Interviewed by: Karen Jiang, Christine Wu and Kara Yeung

McMaster Chapter

At the young age of three years old, Fatima Baig was diagnosed with Primary Sclerosing Cholangitis (PSC), a chronic autoimmune disease that attacks the bile ducts in the liver. If left untreated, this condition often results in permanent scarring of liver tissue. Over time, the health of Fatima’s liver declined and she found herself in need of a liver transplant. Fortunately, she was able to receive a portion of a liver from a living donor – her mom – in 2004 at the age of 11. After the procedure was completed successfully, Fatima and her family assumed that she would be able to return to school and carry out a normal and healthy life. Unfortunately, within six years, complications occurred following her first procedure and she was told that she needed a second liver transplant. During this time, in which she waited almost four years on the transplant list, Fatima relied on support from her community, family, and faith to remain optimistic that she would find a suitable donor. As she approached the final stages of liver failure, Fatima was miraculously granted a second chance at life when a donated liver became available. Subsequently, in 2014, she underwent her second liver transplant in a procedure lasting almost eight hours.

Today, Fatima is a healthy 24-year-old woman who is passionate about bringing organ transplantation issues to the public forum through various platforms. Inspired by her own and thousands of others’ experiences, she is a prominent advocate for organ donation. In doing so, Fatima has written a book entitled Fatima’s Journey. A Search for a Liver, in which she details her experience, discussing her personal health struggles, coping mechanisms, and how she was able to build a supportive community with those affected by organ transplantation. Currently, Fatima is studying journalism in hopes of continuing to advocate for social and ethical issues in the future. We had the pleasure of talking to Fatima and learning more about her story.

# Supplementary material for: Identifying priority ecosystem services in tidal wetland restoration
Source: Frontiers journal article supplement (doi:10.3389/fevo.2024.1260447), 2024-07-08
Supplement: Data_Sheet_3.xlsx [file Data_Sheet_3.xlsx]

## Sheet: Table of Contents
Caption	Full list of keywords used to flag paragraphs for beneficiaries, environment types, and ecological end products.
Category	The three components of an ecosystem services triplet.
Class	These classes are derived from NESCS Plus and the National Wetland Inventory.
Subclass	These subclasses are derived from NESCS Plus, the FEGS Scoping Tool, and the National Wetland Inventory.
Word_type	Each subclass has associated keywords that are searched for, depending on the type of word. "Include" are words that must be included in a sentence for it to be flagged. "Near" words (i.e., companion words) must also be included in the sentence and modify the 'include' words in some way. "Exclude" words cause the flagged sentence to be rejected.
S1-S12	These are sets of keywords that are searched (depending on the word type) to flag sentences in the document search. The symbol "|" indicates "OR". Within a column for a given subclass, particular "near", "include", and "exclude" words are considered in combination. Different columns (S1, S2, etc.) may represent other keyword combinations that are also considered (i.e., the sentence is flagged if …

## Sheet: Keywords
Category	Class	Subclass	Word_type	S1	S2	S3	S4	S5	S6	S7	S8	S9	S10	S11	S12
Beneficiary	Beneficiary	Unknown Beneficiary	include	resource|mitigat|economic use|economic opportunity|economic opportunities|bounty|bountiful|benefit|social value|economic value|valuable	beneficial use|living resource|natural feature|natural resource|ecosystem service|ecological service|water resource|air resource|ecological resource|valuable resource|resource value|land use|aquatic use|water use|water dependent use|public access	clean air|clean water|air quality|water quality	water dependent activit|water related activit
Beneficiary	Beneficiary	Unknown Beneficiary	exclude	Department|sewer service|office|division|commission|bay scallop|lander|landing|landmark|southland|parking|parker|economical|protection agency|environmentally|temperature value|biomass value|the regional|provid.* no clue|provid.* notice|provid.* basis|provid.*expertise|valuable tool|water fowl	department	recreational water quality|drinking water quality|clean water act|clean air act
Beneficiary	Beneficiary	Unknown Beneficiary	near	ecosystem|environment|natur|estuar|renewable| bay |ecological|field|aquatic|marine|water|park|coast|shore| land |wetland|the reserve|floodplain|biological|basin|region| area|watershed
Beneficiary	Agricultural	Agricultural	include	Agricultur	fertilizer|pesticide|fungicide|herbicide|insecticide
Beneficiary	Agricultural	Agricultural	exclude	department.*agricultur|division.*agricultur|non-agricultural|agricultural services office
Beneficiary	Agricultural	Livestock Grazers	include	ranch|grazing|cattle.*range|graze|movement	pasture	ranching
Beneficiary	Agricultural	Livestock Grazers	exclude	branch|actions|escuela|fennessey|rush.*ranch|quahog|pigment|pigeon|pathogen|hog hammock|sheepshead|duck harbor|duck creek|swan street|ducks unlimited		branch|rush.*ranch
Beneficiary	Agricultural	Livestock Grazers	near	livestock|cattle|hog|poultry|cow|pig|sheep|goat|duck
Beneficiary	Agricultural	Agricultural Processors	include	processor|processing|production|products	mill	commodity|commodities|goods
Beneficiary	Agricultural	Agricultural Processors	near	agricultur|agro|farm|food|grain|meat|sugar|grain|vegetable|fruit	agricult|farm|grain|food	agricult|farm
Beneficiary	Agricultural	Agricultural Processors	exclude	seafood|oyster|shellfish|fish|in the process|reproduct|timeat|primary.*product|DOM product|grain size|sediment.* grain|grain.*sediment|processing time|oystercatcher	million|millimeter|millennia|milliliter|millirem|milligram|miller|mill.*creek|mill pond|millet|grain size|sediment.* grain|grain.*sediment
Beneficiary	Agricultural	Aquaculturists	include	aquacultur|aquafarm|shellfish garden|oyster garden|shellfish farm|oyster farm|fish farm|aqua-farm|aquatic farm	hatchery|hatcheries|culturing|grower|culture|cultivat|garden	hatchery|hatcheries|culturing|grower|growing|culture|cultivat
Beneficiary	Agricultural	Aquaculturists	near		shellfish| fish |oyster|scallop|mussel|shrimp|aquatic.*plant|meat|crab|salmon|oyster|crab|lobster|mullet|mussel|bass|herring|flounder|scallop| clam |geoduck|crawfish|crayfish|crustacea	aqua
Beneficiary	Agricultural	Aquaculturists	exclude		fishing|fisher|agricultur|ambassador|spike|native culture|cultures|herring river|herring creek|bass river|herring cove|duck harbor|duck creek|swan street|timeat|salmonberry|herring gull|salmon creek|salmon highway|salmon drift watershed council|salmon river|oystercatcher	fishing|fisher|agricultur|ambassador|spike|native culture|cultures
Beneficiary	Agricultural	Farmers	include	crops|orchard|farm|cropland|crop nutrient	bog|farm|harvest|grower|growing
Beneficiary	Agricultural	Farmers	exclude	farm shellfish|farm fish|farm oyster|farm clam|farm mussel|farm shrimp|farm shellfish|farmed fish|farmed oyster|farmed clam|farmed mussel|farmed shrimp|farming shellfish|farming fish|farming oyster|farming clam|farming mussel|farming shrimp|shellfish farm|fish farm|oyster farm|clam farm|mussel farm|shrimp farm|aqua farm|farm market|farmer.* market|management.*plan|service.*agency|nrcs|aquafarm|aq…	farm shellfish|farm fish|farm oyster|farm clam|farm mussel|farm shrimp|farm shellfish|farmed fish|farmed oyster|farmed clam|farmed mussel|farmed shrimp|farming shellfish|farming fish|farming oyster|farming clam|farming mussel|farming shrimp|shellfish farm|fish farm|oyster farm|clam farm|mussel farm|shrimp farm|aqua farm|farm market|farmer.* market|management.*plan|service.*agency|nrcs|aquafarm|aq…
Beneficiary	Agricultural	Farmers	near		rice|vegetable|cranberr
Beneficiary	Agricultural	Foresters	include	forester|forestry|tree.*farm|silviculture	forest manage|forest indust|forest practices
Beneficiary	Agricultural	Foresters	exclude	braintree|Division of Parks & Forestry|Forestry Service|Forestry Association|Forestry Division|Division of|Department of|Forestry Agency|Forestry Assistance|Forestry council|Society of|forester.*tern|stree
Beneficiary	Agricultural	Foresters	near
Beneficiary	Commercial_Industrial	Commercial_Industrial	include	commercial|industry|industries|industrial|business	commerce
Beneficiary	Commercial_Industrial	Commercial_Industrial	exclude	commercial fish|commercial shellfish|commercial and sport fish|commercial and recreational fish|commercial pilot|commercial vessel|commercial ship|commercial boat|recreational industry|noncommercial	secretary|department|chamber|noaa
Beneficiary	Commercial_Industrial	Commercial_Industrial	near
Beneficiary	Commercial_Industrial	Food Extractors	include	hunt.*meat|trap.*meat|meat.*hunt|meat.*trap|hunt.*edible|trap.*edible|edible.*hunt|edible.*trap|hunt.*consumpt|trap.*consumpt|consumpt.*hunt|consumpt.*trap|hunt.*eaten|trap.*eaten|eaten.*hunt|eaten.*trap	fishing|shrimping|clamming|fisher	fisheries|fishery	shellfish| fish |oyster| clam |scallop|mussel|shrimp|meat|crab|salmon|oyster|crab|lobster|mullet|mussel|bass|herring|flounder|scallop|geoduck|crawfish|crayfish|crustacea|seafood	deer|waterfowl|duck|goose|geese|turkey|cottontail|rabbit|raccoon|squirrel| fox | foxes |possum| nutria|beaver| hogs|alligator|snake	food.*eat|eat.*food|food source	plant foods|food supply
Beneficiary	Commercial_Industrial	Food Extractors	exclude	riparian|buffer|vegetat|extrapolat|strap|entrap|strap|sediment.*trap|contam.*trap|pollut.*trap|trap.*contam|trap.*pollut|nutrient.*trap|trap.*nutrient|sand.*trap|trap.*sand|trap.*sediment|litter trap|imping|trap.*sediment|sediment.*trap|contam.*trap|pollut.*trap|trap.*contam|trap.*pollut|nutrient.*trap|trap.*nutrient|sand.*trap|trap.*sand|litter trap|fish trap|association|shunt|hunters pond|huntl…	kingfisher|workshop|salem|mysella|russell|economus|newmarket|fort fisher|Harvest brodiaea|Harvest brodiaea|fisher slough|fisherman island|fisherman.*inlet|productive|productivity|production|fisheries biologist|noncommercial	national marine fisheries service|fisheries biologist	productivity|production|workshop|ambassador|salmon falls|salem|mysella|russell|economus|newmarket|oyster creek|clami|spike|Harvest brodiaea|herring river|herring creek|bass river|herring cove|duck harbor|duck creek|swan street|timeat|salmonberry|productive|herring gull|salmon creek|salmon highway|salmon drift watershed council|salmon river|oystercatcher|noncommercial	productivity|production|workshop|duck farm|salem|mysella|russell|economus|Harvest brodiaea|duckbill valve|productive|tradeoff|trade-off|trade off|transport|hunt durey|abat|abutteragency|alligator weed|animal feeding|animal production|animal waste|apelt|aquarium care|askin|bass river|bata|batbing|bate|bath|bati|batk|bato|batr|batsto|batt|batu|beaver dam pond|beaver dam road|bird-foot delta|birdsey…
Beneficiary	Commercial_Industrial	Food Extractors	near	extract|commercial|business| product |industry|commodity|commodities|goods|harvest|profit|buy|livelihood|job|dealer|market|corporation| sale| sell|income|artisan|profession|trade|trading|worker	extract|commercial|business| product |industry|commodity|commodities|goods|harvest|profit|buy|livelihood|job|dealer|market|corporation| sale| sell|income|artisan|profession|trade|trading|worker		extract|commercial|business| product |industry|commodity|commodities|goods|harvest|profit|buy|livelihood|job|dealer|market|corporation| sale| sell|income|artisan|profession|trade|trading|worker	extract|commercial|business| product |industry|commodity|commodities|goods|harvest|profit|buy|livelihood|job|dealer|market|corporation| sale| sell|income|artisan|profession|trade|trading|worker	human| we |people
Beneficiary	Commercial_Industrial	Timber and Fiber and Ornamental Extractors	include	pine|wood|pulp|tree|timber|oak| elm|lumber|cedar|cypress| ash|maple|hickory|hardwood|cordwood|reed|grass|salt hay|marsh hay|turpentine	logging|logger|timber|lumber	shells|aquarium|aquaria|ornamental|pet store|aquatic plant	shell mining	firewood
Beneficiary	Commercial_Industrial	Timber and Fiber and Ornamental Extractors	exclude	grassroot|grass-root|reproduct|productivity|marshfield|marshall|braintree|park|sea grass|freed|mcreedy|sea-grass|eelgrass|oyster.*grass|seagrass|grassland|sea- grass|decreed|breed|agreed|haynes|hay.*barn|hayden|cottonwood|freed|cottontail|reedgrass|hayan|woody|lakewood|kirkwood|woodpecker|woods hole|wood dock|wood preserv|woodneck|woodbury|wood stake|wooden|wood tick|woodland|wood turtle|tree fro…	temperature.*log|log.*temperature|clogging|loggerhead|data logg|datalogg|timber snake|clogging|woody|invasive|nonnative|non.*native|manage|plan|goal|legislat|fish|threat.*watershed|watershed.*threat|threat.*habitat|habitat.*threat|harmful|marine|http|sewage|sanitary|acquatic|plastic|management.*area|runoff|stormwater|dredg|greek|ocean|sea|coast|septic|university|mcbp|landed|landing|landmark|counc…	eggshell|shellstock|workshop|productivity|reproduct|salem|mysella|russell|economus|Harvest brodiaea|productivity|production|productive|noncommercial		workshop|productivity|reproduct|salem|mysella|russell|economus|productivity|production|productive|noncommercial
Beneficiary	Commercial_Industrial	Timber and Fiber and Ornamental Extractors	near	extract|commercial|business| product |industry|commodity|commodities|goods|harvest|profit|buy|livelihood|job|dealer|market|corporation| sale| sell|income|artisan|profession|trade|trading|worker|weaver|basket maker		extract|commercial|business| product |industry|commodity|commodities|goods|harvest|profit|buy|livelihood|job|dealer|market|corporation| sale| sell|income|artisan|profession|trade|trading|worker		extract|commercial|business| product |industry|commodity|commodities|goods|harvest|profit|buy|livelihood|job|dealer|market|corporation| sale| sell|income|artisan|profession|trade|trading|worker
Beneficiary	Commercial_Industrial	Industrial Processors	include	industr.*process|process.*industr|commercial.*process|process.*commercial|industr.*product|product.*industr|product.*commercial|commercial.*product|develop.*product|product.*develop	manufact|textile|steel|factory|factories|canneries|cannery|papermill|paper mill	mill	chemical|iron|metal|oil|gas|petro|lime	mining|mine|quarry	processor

What inspired you to write a book about your experience?

Fatima: After doing research on deceased organ donation prior to my second transplant, I realized how few people are registered to be organ donors. That’s when I decided I wanted to share my story and spread awareness not only for my own situation, but also to support others. I wanted to write my book, not only for chronic illness patients but also for anyone [who] experiences challenges in life, which is essentially everyone. I wanted to share my story and my advice for everyone out there.

How did you feel when you were told you needed a second transplant?

Fatima: Nobody was expecting that I’d need another transplant. It came to us as a shock as we originally thought I would be able to go home and back to school after my first transplant. The day I heard the word “transplant”, I kept having flashbacks to the first. It was definitely a shock and very unexpected. We considered doing another live transplant, but unfortunately it wasn’t possible for my situation.

How was your second transplant different from your first?

Fatima: The transplants were different because the live transplant had an exact appointment date whereas the second transplant had no set date. It could have been the day after I was listed or it could have been years, which was the case for me. So the waiting was the most different. Also I was younger during the first transplant so I didn’t know much about transplantation whereas for the second one, I actually knew what to expect, which made it more difficult.

Fatima then elaborated on being on the transplant waitlist for her second transplant.

Fatima: In the transplant community, there is no typical wait time. It depends on the person’s situation, their blood type, et cetera. I wasn’t expecting to wait as long as 3 years and [was] always hoping my liver would come soon. The longer that people wait, the more prone they are to complications and the longer they have to stay in the hospital. So everyone obviously wants a liver as soon as possible. Throughout the wait, your faith and hope is tested but ultimately you regain hope by knowing whatever happens is God’s will.